Among their arguments were that since the bridge was built, the City had created Molesey Lock and Weir and as a consequence navigation through the bridge was dangerous. The bridge was described at about this time as "crazy, hog-backed and obstructive of the navigation". From 1864 to 1865 construction took place on the third bridge on the site, it opened on 10 April 1865. It was commissioned by the bridge's owner Thomas Allan; the new bridge consisted of wrought iron lattice girders resting on four cast iron columns. The road approach was between battlemented brick walls. An illustrative fragment of these approach walls remains on the south bank west of the bridge; the design was criticised. A less diplomatic contemporary commentator called it "one of the ugliest bridges in England, a flagrant eyesore and disfigurement both to the river and to Hampton Court." Despite the criticism, it proved lucrative for Allen, earning him over £3,000 annually in tolls until he was bought out in 1876 for £48,048 by a joint committee of the Hampton and Molesey Local Boards and the Corporation of London.
The modern bridge is the fourth on the site. The bridge has three wide arches, is designed to be able to carry quite heavy motorised road traffic and is constructed of reinforced concrete, faced with red bricks and white Portland Stone; the bridge was one of three authorised by Parliament in 1928. It was designed by the Surrey county engineer W. P. Robinson and the architect Sir Edwin Lutyens to reflect the style of the portions of Hampton Court Palace designed by Sir Christopher Wren — whose architectural style has another legacy by the bridge, as his well-conserved blue-plaqued house in which he lived his final years faces the roundabout by the two north bank roads which meet just north of the bridge and palace front gate. To ensure that traffic could still cross, the new bridge was built a short distance downstream from the old, subsequently demolished. Construction began in September 1930; the work required the demolition of a small hotel and, to the south, diversion of the flow of the River Mole into the River Ember the secondary distributary of the Mole.
The bridge was opened by the Prince of Wales on 3 July 1933, on the same day as the opening of Chiswick and Twickenham Bridges, which carry the A316. The bridge was Grade II listed in 1952 for its architecture. Immediate environsAside from two parallel lines of architecturally rich buildings and riverside homes – half of which are listed on the north bank are Hampton Court Palace and Gardens, Hampton Court Park and Bushy Park, Royal Parks. On the south bank is a one-way street of restaurants and bars surrounded by apartments then homes with gardens west of Hampton Court railway station. On the Thames itself, a few hundred metres to either side are Molesey Lock on the Thames and the mouth of the River Mole, on the south side. Hampton Court WayThe bridge construction was taken as the opportunity for Surrey County Council to construct a new road, which starts at the same road as before with its roundabout with the A308, before becoming being straighter than the existing old roads as a route south.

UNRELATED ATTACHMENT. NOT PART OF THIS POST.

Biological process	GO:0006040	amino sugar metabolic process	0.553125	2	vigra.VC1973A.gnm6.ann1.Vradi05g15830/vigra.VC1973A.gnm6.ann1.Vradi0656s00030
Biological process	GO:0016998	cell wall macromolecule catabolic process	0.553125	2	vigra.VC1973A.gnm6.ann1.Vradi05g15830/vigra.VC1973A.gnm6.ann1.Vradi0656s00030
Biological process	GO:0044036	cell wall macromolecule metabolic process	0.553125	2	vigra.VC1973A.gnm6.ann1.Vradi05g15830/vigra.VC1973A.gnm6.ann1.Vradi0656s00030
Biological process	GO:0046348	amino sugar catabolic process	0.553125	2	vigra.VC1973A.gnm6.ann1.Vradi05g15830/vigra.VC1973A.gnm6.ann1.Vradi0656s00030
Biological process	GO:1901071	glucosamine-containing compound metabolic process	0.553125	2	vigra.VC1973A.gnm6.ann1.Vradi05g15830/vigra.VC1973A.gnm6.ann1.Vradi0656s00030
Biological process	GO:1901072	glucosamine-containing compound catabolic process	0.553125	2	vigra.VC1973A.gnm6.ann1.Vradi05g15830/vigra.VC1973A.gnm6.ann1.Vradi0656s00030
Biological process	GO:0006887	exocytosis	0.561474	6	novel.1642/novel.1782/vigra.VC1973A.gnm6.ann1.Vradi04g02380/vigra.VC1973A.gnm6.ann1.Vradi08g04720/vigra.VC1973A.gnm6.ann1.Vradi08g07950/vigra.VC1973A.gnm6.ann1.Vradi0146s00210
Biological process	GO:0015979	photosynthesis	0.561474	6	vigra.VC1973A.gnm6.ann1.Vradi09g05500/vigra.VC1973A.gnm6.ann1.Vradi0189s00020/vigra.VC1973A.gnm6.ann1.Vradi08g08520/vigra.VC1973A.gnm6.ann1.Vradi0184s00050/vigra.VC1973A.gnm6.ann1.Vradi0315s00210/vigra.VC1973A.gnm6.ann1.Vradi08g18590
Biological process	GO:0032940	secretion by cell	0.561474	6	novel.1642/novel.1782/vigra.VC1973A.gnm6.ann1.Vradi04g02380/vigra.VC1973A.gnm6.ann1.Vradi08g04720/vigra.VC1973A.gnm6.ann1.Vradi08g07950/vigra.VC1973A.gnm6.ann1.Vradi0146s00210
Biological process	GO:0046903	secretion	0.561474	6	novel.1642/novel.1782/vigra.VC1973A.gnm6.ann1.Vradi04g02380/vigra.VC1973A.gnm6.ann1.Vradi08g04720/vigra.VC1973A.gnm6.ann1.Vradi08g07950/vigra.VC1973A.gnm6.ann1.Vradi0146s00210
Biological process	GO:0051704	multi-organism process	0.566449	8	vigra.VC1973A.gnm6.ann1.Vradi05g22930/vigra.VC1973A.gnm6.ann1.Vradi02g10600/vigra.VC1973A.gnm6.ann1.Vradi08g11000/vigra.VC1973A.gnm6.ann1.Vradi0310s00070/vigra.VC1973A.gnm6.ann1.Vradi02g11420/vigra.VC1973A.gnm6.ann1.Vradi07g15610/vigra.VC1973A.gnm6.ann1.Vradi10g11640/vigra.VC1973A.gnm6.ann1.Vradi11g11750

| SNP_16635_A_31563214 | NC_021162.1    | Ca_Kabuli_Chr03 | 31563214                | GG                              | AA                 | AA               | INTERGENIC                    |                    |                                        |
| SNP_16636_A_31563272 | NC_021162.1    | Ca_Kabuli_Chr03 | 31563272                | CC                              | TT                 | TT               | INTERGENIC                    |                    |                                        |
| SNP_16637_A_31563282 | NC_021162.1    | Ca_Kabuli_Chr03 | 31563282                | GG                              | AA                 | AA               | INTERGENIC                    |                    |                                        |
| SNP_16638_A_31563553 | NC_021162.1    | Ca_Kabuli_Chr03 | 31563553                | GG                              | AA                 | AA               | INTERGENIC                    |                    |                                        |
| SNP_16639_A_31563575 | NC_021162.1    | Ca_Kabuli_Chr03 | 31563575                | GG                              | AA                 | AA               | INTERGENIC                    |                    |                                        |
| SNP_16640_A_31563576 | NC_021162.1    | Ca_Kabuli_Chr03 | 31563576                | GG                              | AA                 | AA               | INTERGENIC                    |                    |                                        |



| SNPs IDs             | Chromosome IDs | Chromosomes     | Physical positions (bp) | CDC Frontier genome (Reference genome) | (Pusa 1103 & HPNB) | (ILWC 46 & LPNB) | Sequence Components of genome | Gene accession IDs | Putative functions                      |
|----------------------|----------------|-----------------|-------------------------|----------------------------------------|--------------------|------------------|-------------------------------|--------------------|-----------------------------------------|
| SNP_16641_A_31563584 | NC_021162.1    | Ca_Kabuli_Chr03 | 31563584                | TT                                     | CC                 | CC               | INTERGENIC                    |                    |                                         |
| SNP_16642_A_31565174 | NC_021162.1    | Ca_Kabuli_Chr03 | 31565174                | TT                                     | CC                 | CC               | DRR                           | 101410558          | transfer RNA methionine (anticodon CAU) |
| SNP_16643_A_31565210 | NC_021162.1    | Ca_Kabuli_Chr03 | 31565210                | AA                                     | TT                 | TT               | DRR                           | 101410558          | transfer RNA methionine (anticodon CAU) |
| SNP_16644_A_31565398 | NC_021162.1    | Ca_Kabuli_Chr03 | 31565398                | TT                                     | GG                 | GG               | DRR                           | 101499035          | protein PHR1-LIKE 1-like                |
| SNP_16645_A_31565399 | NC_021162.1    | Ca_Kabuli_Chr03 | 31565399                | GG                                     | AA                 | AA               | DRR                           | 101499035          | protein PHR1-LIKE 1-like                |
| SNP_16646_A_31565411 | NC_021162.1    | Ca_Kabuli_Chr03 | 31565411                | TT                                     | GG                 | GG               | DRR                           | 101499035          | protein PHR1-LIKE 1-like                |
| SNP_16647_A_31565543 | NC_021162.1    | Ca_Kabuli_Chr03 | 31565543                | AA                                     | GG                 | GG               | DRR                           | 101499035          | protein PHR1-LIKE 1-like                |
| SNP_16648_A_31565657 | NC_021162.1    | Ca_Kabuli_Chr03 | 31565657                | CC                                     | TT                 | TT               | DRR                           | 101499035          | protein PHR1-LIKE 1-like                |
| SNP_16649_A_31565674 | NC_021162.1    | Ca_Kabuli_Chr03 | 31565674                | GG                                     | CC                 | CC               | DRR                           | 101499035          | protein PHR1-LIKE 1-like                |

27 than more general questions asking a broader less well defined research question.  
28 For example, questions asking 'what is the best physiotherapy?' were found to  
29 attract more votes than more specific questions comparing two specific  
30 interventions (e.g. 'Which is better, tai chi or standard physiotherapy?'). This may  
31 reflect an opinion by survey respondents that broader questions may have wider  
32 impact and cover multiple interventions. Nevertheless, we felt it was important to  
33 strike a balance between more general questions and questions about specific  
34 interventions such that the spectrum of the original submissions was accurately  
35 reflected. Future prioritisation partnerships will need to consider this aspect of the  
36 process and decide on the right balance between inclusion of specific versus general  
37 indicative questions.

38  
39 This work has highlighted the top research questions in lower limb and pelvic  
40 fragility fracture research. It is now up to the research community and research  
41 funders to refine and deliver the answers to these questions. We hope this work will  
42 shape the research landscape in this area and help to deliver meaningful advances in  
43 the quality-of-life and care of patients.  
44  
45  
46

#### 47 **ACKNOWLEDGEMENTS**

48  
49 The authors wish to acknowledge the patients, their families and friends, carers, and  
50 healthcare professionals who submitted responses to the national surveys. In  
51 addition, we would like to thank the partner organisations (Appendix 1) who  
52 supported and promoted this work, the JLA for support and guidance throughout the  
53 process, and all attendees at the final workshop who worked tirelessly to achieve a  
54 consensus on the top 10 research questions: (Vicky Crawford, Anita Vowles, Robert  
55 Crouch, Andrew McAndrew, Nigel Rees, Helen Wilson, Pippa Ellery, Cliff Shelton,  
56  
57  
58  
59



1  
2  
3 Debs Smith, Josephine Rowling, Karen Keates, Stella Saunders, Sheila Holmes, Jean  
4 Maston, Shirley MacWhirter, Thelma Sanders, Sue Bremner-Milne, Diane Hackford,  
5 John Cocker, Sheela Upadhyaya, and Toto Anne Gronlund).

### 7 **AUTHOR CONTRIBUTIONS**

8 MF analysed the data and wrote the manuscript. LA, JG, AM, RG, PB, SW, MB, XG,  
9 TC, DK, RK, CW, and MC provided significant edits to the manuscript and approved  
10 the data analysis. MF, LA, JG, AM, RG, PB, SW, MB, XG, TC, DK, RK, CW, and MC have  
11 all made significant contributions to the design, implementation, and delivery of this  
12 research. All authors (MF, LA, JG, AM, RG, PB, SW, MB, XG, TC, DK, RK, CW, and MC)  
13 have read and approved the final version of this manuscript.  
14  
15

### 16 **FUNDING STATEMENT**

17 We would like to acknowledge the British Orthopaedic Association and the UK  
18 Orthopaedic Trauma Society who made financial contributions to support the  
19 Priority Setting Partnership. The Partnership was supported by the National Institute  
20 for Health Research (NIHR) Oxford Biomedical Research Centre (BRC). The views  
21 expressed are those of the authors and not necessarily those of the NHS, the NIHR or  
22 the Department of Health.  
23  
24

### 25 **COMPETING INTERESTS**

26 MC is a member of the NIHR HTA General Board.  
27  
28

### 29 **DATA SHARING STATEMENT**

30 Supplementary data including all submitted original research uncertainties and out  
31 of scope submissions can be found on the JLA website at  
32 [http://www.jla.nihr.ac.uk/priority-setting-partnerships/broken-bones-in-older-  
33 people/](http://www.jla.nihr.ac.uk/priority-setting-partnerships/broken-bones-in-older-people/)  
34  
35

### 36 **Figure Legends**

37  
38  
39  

This connects directly with the A307 and more with the A3 motorway deeper into Surrey than the old route. A3050The A3050 commences southwest of the bridge and passes through three riverside settlements: the rest of Molesey and the towns of Walton-on-Thames and Weybridge in Elmbridge, Surrey. Neighbouring bridgesThe next bridge downstream is 1.5 miles and upstream is 4 miles. The next downstream bridge has older predecessors going back to the early medieval period and is the only other of the reach, Kingston Bridge, London — it is pale brick and stone only and of taller design with two extra arches; the next bridge upstream was replaced in 2013 with a single-span bridge heading up the Thames, a tied arch bridge, Walton Bridge. Crossings of the River Thames List of bridges in London References Citations Elmbridge Borough Council – Information plaque at the Bridge The Thames from Hampton Court to Sunbury Lock
The Championship Course